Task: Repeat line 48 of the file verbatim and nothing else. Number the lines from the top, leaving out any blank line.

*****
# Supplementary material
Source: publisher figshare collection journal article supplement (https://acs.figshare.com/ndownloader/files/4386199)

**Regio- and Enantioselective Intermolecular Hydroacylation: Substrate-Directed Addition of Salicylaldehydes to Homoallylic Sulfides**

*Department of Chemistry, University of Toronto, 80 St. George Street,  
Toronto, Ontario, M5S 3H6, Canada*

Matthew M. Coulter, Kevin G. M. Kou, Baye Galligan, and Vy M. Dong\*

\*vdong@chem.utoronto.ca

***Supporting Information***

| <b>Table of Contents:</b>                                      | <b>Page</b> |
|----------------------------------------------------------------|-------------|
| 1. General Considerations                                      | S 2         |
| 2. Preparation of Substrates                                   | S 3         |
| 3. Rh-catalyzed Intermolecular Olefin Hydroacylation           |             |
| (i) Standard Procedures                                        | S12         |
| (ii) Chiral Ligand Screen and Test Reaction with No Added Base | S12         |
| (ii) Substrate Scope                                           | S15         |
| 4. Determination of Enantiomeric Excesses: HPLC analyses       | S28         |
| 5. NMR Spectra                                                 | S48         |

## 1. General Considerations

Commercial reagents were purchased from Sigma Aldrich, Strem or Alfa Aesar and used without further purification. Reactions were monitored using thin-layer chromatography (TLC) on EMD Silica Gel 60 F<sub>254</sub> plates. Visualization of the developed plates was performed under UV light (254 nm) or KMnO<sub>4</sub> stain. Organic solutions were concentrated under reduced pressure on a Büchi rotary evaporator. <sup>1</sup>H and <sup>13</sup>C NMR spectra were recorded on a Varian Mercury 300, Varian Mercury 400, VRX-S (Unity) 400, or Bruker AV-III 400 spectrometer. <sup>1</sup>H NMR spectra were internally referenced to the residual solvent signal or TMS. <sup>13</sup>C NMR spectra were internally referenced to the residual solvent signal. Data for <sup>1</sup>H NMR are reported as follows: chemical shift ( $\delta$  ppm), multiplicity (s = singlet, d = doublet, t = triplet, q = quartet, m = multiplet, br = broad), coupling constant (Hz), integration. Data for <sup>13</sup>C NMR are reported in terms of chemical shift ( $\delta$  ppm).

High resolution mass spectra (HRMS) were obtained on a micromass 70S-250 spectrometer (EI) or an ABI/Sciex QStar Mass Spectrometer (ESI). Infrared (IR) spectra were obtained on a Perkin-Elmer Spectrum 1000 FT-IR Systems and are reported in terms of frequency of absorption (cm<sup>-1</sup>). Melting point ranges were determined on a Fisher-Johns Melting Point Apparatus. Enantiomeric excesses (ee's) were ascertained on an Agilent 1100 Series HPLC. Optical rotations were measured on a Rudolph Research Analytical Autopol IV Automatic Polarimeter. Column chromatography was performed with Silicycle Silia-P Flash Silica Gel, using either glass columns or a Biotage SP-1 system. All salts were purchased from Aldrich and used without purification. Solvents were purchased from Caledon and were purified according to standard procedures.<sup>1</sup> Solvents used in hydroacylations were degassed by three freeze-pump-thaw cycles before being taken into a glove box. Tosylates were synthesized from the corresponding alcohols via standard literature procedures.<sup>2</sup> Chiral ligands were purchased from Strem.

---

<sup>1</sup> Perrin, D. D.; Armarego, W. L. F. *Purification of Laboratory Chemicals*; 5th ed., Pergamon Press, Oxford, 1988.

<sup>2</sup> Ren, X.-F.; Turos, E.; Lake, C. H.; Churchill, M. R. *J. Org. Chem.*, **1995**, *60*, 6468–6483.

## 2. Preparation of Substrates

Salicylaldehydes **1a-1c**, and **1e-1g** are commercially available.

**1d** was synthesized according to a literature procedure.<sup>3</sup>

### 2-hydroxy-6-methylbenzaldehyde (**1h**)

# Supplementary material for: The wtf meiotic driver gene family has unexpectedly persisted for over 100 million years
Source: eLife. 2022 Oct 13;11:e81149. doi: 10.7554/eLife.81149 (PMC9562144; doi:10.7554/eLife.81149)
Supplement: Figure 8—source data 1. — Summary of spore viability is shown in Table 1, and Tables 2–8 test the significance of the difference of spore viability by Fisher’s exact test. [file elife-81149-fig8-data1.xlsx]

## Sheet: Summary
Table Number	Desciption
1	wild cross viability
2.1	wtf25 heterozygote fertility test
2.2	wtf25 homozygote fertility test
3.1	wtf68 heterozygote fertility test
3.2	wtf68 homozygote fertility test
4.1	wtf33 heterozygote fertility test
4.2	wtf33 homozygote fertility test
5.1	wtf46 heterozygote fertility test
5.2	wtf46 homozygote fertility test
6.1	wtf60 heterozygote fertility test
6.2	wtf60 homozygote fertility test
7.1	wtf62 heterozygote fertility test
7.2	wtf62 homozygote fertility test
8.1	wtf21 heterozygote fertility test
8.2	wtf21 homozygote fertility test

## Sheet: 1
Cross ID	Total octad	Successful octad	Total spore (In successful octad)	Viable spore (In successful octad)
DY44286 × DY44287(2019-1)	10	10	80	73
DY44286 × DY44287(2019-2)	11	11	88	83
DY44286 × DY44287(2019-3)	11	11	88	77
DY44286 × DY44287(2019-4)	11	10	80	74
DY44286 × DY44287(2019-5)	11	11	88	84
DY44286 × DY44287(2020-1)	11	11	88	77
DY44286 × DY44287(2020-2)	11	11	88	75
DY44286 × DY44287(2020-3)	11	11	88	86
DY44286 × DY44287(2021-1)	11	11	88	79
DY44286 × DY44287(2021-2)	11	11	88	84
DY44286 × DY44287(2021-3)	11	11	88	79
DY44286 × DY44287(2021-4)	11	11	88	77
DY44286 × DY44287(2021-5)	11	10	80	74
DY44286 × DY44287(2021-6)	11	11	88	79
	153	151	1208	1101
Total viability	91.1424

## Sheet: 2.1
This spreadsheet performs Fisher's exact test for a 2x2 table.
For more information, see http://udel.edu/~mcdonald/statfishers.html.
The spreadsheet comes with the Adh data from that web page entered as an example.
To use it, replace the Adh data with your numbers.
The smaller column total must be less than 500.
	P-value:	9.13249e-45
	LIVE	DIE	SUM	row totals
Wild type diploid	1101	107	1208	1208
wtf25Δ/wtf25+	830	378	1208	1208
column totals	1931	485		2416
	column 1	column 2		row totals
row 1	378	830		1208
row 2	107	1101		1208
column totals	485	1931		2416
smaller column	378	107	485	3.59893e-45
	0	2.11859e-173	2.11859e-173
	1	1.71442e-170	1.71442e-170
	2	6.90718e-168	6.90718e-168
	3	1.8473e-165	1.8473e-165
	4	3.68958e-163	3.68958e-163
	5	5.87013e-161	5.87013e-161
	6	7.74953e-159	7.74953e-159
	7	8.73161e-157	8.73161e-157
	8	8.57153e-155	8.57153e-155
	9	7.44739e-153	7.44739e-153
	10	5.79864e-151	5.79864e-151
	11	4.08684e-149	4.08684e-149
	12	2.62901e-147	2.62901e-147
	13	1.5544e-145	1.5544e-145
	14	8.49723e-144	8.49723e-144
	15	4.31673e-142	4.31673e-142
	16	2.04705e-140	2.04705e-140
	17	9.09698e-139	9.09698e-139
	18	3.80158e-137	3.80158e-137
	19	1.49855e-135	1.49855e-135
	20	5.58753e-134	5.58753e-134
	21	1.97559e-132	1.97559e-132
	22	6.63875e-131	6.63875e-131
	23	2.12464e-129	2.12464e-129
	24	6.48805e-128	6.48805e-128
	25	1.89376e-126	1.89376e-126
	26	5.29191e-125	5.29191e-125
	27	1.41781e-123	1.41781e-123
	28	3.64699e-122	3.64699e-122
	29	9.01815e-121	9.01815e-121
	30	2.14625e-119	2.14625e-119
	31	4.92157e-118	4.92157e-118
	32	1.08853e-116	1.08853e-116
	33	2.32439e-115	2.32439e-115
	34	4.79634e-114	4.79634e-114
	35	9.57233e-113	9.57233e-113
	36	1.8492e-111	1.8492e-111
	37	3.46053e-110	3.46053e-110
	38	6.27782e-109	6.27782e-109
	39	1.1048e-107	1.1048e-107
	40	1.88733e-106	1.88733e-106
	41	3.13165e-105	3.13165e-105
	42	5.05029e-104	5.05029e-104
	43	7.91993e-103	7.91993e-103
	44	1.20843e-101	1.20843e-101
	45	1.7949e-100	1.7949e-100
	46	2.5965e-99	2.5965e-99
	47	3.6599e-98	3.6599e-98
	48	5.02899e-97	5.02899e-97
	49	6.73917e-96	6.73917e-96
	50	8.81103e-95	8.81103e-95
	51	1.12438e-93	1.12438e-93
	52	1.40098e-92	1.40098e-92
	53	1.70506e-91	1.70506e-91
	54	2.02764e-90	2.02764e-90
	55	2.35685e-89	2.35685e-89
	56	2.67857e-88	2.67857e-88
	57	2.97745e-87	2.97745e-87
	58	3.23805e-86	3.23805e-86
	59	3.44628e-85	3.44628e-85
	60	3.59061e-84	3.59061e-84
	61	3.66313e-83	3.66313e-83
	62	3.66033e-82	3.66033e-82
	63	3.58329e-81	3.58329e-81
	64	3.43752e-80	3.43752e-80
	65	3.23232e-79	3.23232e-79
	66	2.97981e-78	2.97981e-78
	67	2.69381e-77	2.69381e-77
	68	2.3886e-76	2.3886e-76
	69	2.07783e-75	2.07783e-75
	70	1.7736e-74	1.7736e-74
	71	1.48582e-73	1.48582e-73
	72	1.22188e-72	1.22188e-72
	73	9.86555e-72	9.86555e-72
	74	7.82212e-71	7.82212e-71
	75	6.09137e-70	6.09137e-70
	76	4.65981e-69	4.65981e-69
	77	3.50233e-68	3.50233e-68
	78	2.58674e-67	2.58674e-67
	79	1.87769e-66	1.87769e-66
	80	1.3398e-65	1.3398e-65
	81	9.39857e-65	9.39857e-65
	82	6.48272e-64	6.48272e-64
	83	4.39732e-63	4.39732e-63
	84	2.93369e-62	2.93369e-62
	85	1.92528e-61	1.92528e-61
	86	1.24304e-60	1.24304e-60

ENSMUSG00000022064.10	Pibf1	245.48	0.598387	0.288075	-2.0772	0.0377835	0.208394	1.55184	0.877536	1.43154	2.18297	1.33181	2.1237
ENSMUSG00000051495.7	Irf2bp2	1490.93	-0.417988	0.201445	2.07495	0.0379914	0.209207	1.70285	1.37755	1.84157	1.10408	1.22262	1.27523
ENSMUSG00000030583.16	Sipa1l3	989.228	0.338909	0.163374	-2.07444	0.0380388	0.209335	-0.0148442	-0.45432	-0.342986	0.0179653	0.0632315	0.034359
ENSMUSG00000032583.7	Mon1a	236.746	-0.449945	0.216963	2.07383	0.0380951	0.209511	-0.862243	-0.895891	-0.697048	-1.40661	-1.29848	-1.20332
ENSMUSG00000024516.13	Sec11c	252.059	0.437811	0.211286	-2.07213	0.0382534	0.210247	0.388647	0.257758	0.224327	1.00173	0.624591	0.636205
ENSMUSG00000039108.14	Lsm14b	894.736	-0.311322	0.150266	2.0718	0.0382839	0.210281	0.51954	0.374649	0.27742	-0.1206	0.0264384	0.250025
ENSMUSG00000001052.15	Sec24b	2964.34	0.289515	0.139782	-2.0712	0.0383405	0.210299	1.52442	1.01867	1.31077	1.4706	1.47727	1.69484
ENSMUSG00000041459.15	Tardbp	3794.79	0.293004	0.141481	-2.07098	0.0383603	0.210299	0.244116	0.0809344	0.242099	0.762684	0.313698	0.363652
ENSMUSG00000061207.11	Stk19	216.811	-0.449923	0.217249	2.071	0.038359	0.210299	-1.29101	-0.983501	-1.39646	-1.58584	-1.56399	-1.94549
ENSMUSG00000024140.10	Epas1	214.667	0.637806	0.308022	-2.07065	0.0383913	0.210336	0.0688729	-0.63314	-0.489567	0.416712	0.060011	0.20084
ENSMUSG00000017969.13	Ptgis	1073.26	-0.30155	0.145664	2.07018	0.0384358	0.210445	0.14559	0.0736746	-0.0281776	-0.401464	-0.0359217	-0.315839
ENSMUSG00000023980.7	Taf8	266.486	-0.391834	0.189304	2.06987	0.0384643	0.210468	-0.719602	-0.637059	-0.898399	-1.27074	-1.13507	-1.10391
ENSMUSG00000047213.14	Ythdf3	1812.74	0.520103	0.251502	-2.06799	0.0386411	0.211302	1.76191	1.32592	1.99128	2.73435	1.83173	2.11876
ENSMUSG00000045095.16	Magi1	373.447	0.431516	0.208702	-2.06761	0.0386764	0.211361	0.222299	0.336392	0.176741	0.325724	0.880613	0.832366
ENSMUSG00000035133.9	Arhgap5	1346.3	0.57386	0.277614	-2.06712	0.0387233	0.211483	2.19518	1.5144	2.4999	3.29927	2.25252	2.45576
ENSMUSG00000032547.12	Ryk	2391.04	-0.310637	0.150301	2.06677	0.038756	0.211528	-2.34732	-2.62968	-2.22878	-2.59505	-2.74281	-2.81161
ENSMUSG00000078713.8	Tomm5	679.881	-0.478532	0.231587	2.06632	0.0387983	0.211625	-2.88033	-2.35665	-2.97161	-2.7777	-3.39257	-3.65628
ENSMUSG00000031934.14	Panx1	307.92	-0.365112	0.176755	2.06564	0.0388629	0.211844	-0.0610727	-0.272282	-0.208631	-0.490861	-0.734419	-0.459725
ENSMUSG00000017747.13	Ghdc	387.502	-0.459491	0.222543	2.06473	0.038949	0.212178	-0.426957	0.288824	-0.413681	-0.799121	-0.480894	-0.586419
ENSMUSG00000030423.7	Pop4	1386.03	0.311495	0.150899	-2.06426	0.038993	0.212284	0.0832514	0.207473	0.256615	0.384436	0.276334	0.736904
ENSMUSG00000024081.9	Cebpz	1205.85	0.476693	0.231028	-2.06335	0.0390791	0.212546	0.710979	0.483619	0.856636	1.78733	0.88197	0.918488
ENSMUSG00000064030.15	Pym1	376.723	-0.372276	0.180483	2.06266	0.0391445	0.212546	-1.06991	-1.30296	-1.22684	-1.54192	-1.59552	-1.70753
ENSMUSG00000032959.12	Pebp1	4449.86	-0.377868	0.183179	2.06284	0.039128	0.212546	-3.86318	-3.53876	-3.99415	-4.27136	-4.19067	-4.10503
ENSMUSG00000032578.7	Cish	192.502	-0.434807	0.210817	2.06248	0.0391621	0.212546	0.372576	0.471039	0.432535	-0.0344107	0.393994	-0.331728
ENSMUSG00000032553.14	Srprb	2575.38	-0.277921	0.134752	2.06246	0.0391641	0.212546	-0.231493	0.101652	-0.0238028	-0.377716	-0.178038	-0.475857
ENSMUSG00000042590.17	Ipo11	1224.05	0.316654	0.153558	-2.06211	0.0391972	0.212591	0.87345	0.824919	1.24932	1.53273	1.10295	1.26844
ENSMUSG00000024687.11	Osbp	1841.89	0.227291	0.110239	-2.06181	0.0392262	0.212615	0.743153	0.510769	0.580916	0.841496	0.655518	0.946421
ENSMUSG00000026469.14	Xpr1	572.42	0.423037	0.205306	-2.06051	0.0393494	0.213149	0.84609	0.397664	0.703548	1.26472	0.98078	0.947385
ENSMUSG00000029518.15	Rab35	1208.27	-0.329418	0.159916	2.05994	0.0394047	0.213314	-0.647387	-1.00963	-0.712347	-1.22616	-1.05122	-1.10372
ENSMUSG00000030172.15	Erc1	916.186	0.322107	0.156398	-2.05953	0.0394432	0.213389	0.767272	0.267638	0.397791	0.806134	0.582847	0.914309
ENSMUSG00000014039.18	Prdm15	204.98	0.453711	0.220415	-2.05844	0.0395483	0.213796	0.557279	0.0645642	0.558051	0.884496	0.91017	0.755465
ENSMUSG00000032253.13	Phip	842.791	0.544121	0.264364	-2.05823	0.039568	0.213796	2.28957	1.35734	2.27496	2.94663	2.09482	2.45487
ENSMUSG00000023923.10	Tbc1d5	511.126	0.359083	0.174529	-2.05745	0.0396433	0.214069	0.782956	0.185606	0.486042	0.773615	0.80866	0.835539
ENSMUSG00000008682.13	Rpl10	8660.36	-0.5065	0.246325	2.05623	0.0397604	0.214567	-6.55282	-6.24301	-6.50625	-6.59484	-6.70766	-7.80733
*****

8.2	wtf21 homozygote fertility test